Thailand and neighbouring countries to boost migrants’ access to HIV treatment

May 3, 2012

Bangkok – Thousands of migrants from Cambodia, Lao PDR and Myanmar who live with HIV in Thailand will have better access to health services as part of a commitments made last month.

Government representatives agreed to examine ways to use intellectual property rights and free trade agreement flexibilities to lower the cost of treatment services and increase coverage for migrants. They also agreed to harmonize treatment and medical referral protocols across countries and ensure that in addition to treatment, migrants have better access to HIV services overall.  

Thailand has taken steps to ensure that migrants have access to HIV treatment. Dr. Petchsri Sirinirund, Director of the National AIDS Management Centre at the Ministry of Health’s Department of Disease control said that “in the new national strategy for 2012-2016, we aim to provide access to quality HIV treatment and care for any person living with HIV in Thailand, regardless of their nationality.”

The commitments came at a meeting organised by the UN Development Programme (UNDP) in partnership with the Government of Thailand and Raks Thai Foundation, a local non-profit organization.

“Thailand is a pioneer in implementing the human principle that migrants can access the same quality of HIV services and medicines that are available to citizens, and we are pleased to work in partnership with governments and civil society across borders to address the challenges that will allow all migrants in need to access vital HIV treatment,” said Rathin Roy, Manager of UNDP’s Asia Pacific Regional Centre.

Migrants play a key role in Thailand’s economy and society: They are five million coming mostly from neighbouring countries like Cambodia, Lao PDR and Myanmar. Some 2,300 migrants with temporary papers receive anti-HIV drugs through Thailand’s Global Fund project. But around 1,500 to 3,000 migrant workers with temporary papers are on a waiting list to access treatment in the country, according to the Raks Thai Foundation.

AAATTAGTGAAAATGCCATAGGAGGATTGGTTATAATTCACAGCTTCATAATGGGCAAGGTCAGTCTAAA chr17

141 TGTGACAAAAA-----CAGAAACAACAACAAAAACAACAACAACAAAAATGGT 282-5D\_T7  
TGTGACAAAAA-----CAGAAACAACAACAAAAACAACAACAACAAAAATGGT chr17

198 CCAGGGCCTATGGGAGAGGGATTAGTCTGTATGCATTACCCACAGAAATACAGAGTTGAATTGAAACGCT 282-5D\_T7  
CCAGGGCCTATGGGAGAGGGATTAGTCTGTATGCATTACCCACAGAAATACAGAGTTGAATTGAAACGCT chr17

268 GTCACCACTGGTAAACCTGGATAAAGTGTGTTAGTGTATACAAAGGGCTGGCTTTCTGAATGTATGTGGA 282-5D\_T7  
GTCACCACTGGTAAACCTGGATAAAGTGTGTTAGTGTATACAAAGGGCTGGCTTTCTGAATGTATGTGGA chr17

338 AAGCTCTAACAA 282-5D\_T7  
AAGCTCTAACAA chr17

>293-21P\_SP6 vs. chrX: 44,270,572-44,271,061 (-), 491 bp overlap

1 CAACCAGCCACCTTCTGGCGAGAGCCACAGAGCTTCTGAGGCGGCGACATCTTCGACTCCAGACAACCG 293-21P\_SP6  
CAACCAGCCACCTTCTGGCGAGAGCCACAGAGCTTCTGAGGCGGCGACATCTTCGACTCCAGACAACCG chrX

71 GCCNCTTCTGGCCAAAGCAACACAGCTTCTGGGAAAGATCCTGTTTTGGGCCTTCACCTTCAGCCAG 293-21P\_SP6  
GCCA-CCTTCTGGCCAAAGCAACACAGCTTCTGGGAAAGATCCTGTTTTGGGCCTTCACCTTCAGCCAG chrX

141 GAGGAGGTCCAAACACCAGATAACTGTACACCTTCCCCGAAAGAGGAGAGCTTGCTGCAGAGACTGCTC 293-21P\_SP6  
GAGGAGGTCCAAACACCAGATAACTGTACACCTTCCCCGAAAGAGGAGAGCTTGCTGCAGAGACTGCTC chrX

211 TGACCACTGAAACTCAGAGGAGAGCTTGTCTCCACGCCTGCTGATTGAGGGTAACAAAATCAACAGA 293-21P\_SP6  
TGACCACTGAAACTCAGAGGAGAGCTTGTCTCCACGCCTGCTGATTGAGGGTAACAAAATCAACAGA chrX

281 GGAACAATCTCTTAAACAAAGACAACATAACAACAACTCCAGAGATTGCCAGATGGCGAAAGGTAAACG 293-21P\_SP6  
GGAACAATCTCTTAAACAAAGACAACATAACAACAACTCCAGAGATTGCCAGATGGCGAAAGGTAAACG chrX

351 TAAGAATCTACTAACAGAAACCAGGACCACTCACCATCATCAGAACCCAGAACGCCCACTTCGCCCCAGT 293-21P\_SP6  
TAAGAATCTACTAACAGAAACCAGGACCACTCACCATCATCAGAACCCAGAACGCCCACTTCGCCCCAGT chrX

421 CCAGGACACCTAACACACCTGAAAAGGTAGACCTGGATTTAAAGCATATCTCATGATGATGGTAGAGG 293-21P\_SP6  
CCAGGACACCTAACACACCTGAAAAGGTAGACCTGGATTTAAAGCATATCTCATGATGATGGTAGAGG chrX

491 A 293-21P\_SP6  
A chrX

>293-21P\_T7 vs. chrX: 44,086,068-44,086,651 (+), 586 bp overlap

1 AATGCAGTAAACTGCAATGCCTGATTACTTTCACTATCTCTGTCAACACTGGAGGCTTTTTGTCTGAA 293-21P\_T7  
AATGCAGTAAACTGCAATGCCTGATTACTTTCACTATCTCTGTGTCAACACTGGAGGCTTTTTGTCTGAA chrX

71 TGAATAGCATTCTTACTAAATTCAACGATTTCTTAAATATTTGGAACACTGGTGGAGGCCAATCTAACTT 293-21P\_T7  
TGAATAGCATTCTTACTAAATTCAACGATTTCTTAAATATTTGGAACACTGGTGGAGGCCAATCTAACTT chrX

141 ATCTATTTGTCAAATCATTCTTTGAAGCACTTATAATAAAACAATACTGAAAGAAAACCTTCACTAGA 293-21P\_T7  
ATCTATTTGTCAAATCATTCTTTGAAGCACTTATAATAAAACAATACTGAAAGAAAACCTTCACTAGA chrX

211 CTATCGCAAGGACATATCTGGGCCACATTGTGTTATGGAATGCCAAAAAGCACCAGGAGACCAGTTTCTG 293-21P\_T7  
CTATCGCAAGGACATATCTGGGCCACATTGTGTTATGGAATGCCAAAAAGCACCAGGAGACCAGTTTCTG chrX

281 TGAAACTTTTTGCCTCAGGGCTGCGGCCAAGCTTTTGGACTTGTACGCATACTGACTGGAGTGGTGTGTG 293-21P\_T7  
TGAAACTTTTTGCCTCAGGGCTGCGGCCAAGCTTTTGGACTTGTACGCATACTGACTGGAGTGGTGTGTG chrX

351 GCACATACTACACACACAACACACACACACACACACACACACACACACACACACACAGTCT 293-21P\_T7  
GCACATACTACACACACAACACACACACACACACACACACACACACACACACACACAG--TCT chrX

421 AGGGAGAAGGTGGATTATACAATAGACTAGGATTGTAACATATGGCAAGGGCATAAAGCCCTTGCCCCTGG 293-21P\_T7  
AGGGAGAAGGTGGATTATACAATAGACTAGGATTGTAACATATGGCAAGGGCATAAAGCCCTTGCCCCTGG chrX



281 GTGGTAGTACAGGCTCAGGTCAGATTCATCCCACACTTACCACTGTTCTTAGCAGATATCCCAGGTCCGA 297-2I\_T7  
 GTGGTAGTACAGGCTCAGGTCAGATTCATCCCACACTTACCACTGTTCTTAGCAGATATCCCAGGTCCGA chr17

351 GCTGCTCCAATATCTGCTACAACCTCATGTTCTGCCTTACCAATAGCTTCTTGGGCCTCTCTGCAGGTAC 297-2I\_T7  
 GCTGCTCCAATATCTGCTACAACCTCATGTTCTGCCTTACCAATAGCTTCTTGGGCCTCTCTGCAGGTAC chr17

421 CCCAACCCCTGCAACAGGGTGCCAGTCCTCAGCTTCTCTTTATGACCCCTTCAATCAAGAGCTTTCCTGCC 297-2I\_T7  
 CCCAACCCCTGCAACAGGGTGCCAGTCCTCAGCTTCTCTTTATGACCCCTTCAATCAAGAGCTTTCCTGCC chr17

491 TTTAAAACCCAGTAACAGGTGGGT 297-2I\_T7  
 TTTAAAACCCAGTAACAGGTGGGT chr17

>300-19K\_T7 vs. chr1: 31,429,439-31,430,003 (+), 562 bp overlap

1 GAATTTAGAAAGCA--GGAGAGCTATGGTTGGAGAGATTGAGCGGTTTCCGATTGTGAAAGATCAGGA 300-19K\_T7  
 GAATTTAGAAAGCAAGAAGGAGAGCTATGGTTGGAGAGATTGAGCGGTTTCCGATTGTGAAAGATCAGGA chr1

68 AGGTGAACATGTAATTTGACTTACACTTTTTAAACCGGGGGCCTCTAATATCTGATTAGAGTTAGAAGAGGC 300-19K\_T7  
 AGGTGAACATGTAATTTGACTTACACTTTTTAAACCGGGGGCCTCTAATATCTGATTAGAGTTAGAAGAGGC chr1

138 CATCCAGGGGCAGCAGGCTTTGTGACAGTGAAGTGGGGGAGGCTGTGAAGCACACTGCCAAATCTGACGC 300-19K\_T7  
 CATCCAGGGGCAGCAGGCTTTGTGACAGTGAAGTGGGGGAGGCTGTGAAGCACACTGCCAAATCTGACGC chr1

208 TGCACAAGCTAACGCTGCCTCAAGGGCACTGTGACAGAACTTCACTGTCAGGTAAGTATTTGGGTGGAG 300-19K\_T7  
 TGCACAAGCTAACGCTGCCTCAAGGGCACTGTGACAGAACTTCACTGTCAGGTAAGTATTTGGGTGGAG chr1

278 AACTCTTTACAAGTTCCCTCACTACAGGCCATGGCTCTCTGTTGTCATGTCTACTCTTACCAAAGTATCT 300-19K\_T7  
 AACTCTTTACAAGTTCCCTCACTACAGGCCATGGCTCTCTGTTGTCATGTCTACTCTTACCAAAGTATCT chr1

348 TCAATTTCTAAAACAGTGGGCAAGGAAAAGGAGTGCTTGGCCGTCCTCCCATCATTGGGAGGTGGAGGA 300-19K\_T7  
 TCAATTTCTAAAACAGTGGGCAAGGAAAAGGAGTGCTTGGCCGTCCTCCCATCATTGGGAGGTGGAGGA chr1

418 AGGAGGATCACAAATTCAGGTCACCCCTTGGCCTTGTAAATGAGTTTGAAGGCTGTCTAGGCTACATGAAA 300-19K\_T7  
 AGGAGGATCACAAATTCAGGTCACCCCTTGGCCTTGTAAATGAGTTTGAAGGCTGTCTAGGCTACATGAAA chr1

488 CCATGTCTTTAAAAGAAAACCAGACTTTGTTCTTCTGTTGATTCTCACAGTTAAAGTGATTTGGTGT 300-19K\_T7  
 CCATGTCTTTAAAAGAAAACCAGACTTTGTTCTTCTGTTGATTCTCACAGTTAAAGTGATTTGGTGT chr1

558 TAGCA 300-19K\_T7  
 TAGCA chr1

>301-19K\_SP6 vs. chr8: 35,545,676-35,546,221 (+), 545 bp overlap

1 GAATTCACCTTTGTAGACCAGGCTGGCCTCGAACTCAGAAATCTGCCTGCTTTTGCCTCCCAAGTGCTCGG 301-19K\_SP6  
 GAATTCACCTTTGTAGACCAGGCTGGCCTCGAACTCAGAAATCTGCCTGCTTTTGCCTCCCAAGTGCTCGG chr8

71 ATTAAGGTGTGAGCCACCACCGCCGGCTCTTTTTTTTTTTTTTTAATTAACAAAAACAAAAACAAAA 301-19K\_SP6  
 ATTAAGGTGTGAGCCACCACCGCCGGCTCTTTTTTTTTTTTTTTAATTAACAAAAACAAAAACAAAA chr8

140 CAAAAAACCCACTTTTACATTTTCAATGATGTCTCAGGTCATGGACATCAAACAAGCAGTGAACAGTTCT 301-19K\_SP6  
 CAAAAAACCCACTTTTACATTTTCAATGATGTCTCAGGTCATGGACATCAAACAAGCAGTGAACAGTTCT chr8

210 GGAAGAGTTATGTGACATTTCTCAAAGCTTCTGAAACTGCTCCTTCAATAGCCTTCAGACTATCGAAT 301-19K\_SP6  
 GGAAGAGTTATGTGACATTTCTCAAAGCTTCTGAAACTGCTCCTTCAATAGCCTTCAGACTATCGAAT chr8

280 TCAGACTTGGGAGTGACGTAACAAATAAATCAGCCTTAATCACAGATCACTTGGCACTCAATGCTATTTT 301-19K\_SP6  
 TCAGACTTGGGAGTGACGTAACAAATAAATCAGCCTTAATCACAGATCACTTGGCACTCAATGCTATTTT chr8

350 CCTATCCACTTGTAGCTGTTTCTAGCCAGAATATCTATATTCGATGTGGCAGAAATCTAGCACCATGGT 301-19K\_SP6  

A new study in Thailand’s six most HIV-affected provinces has shown that Cambodian migrants bear the highest burden with a prevalence of 2.5 percent followed by the Burmese with a prevalence of 1.16 percent.  The estimated adult prevalence in the country as a whole is 1.3 percent.

Although migration is not in itself a risk factor for HIV, a number of issues can increase vulnerability, such as exploitative working conditions, which may include sexual violence, overcrowded and bad housing conditions and separation from families, spouses/partners and established social and cultural norms and values.

When harsh work and dire living conditions are common, migrants are found to be at increased risk, especially those engaged in deep sea fishing and the fish processing industry.

Currently, migrants who are officially registered can pay a fee for universal health coverage, which includes HIV treatment. However, many are not in a position to access such treatment. Such public health scheme cost to individuals ranges from US$45-90 a month, with a long waiting list for treatment. A number of those who are unregistered never come to the attention of authorities and therefore receive no help.   

“While we need to focus our discussion on availability of antiretrovirals, what also needs to be in place is a comprehensive system of medical and social care that is backed up by national and regional policies,” said Promboon Panitchpakdi, Executive Director of Raks Thai Foundation.

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